Marlene: For clothes, everyone has duffle bag. We also have a large bag for laundry. The duffles and laundry bag sit inside the camper while we drive.
We have food in the two kitchen cabinets. We have hanging hooks for fruit. We are also able to put food on the counter opposite of the sink.
Dan: We had to streamline everything. In our Airstream we had plates and bowls. Now we just have stainless bowls. We went from multiple pots and pans to one pot that we cook everything in.
Items must serve multiple purposes. When you are full-time on the road, if you don’t have exactly what you need, just go buy it. There’s always a store. Get rid of something and find something that’s more efficient and works better.
Marlene: People worry about getting the rig exactly right with the right equipment and don’t realize that stuff doesn’t have to be perfect.
If you try to pick the perfect things in the beginning, it still changes. For example, when we began traveling, we mostly stayed in state parks. Then we discovered boondocking and got more solar and batteries. People change as they grow.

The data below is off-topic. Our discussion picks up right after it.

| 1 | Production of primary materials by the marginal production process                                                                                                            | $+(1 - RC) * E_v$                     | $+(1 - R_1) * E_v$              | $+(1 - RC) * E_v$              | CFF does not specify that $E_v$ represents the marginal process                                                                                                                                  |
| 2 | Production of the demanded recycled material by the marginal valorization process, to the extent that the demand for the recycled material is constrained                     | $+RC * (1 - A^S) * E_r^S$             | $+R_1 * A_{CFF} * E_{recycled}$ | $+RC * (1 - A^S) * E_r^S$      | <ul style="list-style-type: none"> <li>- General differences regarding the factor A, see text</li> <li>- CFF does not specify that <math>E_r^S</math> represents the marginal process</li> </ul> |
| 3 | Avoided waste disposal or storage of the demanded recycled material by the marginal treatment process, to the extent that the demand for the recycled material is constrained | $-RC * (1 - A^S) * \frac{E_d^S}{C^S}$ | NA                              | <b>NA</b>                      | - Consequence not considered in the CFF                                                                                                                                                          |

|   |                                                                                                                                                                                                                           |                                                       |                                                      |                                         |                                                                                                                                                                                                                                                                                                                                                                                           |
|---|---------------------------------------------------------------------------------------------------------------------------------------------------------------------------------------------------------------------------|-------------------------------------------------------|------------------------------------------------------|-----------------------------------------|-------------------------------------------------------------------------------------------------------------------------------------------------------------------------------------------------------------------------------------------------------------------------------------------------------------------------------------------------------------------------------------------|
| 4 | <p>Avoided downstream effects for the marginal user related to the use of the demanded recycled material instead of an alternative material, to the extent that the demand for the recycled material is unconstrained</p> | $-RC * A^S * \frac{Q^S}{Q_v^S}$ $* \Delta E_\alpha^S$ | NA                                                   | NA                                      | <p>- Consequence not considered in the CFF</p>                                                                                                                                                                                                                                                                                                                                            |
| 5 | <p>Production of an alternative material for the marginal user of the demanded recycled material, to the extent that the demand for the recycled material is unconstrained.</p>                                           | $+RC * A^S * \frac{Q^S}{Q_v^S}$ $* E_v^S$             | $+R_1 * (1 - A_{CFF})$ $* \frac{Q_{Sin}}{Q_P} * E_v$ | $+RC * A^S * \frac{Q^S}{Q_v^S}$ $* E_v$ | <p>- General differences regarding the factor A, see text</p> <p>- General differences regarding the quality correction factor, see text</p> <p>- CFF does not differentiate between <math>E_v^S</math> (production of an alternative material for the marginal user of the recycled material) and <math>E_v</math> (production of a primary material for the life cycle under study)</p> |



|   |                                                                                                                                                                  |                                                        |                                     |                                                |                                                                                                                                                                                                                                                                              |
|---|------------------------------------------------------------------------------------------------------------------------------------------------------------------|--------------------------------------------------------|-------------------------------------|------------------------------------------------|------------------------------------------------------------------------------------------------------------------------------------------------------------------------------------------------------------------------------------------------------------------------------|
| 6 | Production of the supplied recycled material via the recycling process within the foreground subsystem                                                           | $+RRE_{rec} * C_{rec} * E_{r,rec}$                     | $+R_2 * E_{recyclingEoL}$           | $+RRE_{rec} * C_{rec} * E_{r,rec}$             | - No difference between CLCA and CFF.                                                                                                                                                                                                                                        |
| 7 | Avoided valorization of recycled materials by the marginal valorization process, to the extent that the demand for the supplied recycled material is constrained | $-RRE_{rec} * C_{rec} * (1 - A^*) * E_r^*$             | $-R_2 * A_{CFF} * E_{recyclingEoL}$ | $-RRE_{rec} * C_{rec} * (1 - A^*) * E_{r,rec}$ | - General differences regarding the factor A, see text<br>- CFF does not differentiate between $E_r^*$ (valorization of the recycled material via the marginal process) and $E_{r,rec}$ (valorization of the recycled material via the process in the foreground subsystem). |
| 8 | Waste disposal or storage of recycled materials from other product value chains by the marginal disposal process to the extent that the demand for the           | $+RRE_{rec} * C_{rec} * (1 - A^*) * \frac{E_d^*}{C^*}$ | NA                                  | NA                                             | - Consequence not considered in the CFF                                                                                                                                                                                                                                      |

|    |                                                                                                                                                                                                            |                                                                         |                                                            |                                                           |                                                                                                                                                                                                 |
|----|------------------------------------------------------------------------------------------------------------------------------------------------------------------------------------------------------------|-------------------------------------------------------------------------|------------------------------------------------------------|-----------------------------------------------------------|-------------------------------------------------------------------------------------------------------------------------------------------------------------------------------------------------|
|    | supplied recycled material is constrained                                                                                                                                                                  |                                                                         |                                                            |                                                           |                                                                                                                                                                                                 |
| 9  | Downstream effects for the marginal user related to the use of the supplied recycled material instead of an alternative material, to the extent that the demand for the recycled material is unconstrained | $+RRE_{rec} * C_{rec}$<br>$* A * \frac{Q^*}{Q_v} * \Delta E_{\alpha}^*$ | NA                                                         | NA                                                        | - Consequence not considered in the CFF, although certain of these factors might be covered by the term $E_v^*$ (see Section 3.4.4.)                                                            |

Above: Happy hour inside their Four Wheel Camper
TCM: How do you do it with no bathroom in either your Casita or your truck camper? With two adults and three children, that has to be a challenge.
Dan: There was an option for a cassette toilet on the Four Wheel Camper, but it took up valuable storage space. So, we bought a Porta Potti. It’s mainly for the kids and Marlene to use. I’m comfortable finding places outside.
When in an urban area, we all use the Porta Potti. We just have to empty it more often. It worked out well for us in Mexico where it can be hard to find dump stations.
With the Porta Potti, we can dump in any flush toilet that doesn’t require me to walk through a restaurant. I’ll use outdoor parks or gas stations.
With the Porta Potti, we don’t need a toilet or bathroom taking up all our valuable space. Right now we are next to Mono Lake in the Eastern Sierras. We came down a dirt road. Our friends in an Airstream can’t get to where we are right now. Turning around is a lot harder with a trailer.